Interestingly, most of the within-network connectives tended to recover to the baseline levels six months after chemotherapy, while the between-network connectives showed partial recovery. Recovery of some brain regions to baseline levels has also been reported in other CRCI-related functional and structural MRI studies[40, 41, 42, 8], and the acute damage mostly appeared 1 month after chemotherapy and (partially) recovered one year later. These studies suggested that chemotherapy-induced brain structural and functional damage may be temporary, the frontal regions (such as frontal and temporal gyrus) may recover over time, and the brain abnormalities in the posterior region may persist for a long time. Brain function and structural recovery may be attributed to neuroplasticity mechanisms. In this study, most of the subjects were young women, cognitive challenges in daily work and social activities promoted early rehabilitation through neuroplasticity mechanisms. Additionally, the frontal regions began to show signs of recovery six months after chemotherapy. We hypothesized that the frontal lobe might be one of the first sensitive brain regions to experience functional recovery. However, our finding was inconsistent with some previous studies as for recovery time, which may be related to the age, chemotherapy dose, chemotherapeutic drug, treatment stage, cognitive function type and the different control groups. The recovery to the baseline level may reflect compensation ability improvements over time to some extent, it does not mean a return to normal level, and some brain dysfunction may persist for a long time. Sustained networks alterations may further affect patient's cognitive function, such as sustained memory deterioration and executive ability impairment, which showed poor WDT and NST scores in this study. We are not sure whether the brain abnormality in the posterior brain region (such as visual function areas) alteration was a sustained change in acute effects after chemotherapy or a delayed brain injury occurring at a certain time after chemotherapy. Further long-term follow-up studies are thus needed.
Breast cancer patients also showed decreased visual ability and memory at baseline compared to HC group. This pre-treatment mild cognitive decline may be associated with tumor-related physical and psychological stress[44, 37]. Additionally, the improved test scores in LTT, SDT and Stroop test after chemotherapy may be related to the compensatory effect of the functional network. Furthermore, partial networks alterations were associated with estrogen, fasting blood glucose and blood lipids changes, though the improved blood indicator was still in the abnormal range compared to HC group. We speculated that the increased blood estrogen levels, decreased blood sugar and lipid levels six months later may play a positive role in the cognition improvement. Estrogen can alter the metabolic level of the frontotemporal lobe, affecting the structure and function of specific brain regions. Animal experiments and clinical practice have shown that estrogen can be used to treat attention and memory loss. Abnormalities in blood lipids, fasting blood glucose, and hemoglobin have also been found in neuropsychiatric diseases such as Alzheimer disease and diabetic encephalopathy[46, 47]. The improved cholesterol metabolism would reduce the risk of vascular related cognitive impairment. However, the use of chemotherapeutic agents and endocrine therapy confuses the assessment of underlying metabolic changes. Although there was no direct evidence that baseline metabolism changes were significantly associated with cognitive improvement six months after chemotherapy, we speculate that the improvement of baseline metabolism in patients can play an irreplaceable role in the recovery mechanism of CRCI.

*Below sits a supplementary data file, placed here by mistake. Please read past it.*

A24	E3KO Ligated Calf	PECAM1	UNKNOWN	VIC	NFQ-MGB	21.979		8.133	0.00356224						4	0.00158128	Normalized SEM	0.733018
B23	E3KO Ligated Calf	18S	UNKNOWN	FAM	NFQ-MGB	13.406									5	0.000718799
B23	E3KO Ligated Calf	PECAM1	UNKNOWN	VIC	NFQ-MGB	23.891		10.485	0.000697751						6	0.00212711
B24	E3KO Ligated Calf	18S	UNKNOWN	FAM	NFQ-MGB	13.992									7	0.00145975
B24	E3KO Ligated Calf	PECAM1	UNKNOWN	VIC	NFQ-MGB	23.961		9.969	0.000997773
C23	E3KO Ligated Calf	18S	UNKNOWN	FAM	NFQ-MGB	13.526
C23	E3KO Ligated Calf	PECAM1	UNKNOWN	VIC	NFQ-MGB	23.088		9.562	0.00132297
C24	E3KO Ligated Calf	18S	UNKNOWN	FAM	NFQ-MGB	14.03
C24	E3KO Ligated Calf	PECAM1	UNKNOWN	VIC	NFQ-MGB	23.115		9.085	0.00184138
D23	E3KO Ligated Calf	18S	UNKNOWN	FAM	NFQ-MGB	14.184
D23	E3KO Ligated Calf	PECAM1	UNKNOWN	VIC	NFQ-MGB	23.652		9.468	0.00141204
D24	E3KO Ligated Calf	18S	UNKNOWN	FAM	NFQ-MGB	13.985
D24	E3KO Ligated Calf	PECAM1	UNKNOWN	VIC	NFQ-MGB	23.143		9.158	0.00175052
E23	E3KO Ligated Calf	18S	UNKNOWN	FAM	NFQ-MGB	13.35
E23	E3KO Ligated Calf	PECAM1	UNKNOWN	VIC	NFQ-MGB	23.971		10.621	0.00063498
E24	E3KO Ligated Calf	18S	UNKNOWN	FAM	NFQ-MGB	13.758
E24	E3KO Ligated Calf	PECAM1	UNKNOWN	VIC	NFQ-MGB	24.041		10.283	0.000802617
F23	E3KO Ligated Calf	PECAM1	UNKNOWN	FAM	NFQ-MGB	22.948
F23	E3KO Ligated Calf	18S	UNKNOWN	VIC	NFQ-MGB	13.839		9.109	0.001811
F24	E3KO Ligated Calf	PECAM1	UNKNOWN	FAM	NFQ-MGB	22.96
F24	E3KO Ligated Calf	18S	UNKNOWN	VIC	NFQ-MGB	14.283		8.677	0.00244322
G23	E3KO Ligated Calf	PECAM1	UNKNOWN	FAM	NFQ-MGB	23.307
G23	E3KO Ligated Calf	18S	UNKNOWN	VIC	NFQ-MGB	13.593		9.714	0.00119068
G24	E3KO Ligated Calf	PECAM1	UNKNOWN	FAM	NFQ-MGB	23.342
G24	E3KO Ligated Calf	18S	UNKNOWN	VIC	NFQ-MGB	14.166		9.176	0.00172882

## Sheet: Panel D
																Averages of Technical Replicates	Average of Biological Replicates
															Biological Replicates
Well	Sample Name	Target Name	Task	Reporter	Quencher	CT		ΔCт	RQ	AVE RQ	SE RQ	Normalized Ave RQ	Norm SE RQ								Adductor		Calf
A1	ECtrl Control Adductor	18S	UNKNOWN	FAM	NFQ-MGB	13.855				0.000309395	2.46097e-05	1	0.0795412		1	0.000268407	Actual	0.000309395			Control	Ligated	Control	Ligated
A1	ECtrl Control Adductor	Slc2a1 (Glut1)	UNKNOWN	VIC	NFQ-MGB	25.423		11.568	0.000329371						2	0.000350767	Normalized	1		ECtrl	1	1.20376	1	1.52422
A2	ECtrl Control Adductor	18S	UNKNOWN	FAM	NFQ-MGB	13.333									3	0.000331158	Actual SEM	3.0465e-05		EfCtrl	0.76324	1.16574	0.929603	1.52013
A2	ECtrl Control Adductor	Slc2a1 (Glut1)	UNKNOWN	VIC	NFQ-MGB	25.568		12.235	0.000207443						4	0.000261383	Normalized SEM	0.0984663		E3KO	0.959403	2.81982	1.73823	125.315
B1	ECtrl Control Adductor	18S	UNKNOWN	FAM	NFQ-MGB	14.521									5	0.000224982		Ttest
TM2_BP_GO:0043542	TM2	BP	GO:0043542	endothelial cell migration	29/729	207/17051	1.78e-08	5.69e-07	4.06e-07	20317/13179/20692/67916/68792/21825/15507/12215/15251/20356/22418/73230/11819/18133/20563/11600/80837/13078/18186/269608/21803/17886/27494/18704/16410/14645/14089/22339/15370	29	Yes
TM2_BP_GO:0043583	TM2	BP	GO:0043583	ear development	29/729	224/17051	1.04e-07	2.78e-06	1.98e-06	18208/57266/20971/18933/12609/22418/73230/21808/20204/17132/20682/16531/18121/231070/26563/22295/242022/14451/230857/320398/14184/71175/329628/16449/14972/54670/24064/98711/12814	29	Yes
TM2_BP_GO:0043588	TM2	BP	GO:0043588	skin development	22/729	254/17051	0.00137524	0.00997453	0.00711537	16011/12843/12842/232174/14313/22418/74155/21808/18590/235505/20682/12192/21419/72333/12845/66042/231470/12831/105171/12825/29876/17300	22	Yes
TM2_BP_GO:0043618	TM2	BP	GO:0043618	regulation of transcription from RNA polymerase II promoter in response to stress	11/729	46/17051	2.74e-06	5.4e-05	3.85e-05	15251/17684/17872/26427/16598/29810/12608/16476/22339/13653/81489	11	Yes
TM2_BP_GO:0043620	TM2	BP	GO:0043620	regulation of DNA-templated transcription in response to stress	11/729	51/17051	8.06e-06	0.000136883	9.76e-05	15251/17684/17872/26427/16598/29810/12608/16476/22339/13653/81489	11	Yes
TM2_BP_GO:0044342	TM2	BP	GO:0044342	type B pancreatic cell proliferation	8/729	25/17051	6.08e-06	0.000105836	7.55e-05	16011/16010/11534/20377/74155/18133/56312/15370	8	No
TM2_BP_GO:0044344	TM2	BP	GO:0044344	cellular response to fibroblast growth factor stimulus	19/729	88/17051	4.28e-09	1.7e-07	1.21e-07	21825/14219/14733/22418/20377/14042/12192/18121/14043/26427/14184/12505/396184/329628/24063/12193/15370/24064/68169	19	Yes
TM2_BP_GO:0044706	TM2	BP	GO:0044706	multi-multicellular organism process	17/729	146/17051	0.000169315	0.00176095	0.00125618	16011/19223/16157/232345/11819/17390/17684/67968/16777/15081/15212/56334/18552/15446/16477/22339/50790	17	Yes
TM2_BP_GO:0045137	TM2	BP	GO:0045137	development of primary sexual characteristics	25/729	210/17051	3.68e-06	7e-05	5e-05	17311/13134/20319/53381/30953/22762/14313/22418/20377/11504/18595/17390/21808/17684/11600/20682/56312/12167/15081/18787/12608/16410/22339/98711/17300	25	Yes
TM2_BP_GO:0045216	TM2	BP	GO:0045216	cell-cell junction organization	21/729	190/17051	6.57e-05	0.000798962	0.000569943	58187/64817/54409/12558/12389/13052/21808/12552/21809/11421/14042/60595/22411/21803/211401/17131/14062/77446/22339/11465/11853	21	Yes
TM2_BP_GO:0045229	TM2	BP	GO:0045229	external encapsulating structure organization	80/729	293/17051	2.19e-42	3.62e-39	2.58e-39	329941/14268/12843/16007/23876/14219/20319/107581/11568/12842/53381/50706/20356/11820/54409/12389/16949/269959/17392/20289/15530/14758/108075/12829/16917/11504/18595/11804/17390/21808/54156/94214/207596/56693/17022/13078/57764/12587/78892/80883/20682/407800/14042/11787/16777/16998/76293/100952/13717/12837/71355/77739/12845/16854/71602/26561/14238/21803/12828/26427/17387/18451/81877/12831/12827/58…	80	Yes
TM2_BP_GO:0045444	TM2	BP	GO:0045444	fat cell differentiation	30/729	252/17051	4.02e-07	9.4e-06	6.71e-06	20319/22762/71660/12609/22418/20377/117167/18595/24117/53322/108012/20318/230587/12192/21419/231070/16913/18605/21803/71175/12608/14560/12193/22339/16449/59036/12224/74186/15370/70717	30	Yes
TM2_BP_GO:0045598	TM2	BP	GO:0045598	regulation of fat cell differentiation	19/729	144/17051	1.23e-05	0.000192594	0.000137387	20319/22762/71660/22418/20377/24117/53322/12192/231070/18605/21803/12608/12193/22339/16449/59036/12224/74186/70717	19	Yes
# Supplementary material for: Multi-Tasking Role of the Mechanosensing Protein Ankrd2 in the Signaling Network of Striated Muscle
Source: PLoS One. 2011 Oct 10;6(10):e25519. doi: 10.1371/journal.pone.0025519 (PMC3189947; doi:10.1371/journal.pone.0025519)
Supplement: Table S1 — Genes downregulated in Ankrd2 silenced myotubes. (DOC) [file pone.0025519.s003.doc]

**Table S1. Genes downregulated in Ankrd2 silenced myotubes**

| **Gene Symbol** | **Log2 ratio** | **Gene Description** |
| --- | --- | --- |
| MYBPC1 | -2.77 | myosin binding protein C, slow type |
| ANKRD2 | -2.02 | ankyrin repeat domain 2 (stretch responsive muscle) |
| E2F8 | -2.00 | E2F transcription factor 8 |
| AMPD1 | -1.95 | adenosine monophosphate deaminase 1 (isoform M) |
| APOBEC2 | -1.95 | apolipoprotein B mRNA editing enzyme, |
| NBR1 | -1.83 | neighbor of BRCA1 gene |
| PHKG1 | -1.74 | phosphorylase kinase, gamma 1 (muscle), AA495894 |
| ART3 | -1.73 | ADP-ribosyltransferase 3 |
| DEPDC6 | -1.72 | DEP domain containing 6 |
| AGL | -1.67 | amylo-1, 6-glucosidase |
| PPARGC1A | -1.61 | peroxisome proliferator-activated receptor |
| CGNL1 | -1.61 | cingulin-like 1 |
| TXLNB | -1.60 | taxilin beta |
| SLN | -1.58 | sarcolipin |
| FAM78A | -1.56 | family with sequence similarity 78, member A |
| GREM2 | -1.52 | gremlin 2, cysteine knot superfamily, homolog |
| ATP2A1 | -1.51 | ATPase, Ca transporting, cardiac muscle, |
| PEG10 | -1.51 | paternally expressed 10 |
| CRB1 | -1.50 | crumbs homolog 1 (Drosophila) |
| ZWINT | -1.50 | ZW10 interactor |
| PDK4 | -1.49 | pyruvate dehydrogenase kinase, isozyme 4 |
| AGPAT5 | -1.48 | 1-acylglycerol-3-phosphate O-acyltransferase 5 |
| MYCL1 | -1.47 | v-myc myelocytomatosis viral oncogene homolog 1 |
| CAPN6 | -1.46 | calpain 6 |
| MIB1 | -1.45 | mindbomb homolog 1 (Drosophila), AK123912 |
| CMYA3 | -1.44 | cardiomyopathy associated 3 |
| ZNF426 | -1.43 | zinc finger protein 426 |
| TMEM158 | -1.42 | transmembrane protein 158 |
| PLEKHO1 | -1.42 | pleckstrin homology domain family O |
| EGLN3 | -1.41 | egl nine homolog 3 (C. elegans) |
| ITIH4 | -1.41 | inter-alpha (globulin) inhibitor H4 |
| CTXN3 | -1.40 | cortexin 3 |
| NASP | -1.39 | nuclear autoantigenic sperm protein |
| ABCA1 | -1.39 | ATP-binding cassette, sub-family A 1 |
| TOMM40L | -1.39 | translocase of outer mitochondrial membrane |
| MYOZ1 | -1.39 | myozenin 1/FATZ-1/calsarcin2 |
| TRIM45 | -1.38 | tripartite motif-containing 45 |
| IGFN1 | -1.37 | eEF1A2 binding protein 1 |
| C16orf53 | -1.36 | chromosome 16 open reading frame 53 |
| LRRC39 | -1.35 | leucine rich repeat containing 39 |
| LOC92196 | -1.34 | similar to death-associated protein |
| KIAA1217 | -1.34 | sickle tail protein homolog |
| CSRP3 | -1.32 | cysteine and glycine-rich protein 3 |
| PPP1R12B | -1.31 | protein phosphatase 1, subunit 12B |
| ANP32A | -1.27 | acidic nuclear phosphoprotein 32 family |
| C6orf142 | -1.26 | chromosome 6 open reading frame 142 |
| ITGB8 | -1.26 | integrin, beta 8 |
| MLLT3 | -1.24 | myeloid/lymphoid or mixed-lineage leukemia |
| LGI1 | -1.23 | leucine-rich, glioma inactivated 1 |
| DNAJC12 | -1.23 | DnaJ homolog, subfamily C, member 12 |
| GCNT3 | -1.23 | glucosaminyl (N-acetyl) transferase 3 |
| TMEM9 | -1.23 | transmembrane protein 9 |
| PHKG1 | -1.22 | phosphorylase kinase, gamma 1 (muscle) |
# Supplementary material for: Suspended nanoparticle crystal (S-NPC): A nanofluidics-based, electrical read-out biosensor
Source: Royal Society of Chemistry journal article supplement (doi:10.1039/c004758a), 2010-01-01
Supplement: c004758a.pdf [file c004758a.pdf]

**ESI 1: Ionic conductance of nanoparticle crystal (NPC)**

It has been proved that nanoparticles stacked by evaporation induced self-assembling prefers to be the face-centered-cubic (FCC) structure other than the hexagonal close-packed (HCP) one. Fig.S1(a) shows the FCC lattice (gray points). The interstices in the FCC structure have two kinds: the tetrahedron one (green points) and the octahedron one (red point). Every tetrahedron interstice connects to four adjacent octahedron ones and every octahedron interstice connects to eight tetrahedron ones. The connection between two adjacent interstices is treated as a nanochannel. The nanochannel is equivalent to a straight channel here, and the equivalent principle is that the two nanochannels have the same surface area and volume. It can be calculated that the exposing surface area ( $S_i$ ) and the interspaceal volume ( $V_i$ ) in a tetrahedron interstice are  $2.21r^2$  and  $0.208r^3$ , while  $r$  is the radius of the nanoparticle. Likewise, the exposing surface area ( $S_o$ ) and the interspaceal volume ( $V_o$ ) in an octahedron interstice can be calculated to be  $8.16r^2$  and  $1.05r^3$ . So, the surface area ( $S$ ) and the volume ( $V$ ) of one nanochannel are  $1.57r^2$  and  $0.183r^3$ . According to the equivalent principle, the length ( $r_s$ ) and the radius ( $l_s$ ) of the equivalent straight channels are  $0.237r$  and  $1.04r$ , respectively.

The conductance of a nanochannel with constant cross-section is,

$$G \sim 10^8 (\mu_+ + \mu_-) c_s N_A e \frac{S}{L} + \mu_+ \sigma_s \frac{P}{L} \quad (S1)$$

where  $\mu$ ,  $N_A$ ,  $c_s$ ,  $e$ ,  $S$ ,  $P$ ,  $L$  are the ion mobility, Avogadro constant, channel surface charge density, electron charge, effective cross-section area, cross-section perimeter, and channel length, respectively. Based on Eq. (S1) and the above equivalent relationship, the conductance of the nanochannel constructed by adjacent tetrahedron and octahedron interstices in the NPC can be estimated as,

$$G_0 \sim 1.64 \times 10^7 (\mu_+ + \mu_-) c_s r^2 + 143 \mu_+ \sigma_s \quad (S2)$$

Anxiety and depression scores were significantly higher in the breast cancer group than HC group at baseline, and continued to increase one week after chemotherapy, but decreased over time after the end of chemotherapy. The dynamic changes of depression and anxiety scores were similar as that of some cognitive functions. Studies have suggested that there were competitive interactions between emotion and cognition[7, 30], we speculate that the decreased negative emotion may benefit cognitive function recovery in this study.
The study had some limitations. Although HC was included in this study, the control group had no serial follow-up, making it impossible to evaluate the interaction between the groups and time. However, all breast cancer patients performed a series of neuropsychological tests, blood examination and MRI scans at three times points, which enabled the longitudinal analysis of RSNs in these patients. Secondly, the breast cancer patients were heterogeneous, some confounding factors such as the different severities of the disease, the different treatment strategies may induce some impacts on the results of our study. Thirdly, the basic metabolism and hormone level may fluctuate greatly in a relatively short time, and untangling these effects was difficult. Fourthly, the sample size is relatively small due to some patients refusing follow-up. Finally, the definition and selection of the RSN may affect the results, and the source of abnormal nodes is not fully understood.